“I came with questions, and the Mayor [and City Council member John Duran] said, ‘You’ve been asking questions for 10 minutes.’ I thought ‘You know, this is a $250 million project. I think 10 minutes worth of questions is not a lot to ask. I had 20 pages of notes. My colleagues didn’t really engage with me to consider compromise—or consider the points that I was bringing up.” Meister continued, “This is a huge project. [The developer was] getting a lot from the city. They were asking for a lot from the city. Changing the zoning, doubling the height and FAR …I mean, it’s a 114-foot tall building.”

Concerning the Environmental Impact Report, Meister wishes feasible alternatives had been presented in order to preserve the Factory in place. “It’s become a divisive issue,” she said, “which is a shame, because ultimately the people who are taking the developer’s side to save The Factory really believe that’s what they’re doing. I think they’re well intentioned.”

Kate Eggert and Krisy Gosney, co-founders of the West Hollywood Heritage Project, fear the Robertson Lane plan will compromise the structural integrity of The Factory and hamper the conservation efforts they have led since 2015. Gosney explained, in a post published on the group’s Facebook page that she and Eggert secured the inclusion of The Factory in both the California State Register of Historic Places and the National Register of Historic Places. However, the building is not listed in the latter register because the building’s owner so far has failed to formally accept the listing. “Unfortunately,” Eggert told the Los Angeles Blade, “state and national registers don’t have any legal teeth to keep people from demolishing or changing the buildings.”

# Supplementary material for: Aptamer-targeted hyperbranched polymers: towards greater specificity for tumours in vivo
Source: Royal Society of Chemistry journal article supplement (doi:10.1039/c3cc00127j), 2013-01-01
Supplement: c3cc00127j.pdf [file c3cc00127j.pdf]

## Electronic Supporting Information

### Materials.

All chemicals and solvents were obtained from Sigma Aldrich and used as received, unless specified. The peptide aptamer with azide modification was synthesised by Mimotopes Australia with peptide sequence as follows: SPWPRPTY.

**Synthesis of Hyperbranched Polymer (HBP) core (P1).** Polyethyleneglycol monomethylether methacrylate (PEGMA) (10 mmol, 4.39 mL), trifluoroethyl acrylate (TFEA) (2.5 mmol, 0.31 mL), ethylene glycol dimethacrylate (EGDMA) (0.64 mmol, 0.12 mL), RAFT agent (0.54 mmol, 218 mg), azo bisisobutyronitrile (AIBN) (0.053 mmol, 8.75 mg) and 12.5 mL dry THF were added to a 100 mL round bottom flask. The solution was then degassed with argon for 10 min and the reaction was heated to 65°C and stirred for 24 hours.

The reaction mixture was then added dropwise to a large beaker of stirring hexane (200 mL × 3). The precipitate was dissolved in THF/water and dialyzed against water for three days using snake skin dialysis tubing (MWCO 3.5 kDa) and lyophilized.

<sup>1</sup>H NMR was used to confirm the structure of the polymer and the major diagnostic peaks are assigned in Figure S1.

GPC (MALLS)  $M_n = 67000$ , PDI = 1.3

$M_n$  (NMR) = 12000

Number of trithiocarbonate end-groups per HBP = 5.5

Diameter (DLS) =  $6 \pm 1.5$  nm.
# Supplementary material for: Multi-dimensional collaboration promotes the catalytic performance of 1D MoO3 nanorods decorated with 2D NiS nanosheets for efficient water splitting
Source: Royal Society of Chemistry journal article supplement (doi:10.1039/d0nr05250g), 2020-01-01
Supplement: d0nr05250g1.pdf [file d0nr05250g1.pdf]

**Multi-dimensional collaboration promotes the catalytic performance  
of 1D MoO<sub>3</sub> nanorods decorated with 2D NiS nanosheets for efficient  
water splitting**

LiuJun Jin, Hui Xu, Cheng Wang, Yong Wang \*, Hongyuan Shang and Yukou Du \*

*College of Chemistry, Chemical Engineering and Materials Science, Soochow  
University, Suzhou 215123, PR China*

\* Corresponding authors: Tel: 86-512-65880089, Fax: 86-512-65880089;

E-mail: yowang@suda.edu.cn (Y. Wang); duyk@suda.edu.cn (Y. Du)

The Facebook post alleges that Faring Capital initially sought to demolish The Factory entirely but changed course after the building was accepted into the National Register. Faring, however, says they also “consulted with The National Trust for Historic Preservation, the Los Angeles Conservancy, the West Hollywood Preservation Alliance and hundreds of individual stakeholders.”

The Los Angeles Conservancy (LAC), the West Hollywood Preservation Alliance (WHPA), and the National Trust for Historic Preservation (NTHP) signed off on Faring Capital’s current plan for the Robertson Lane Project.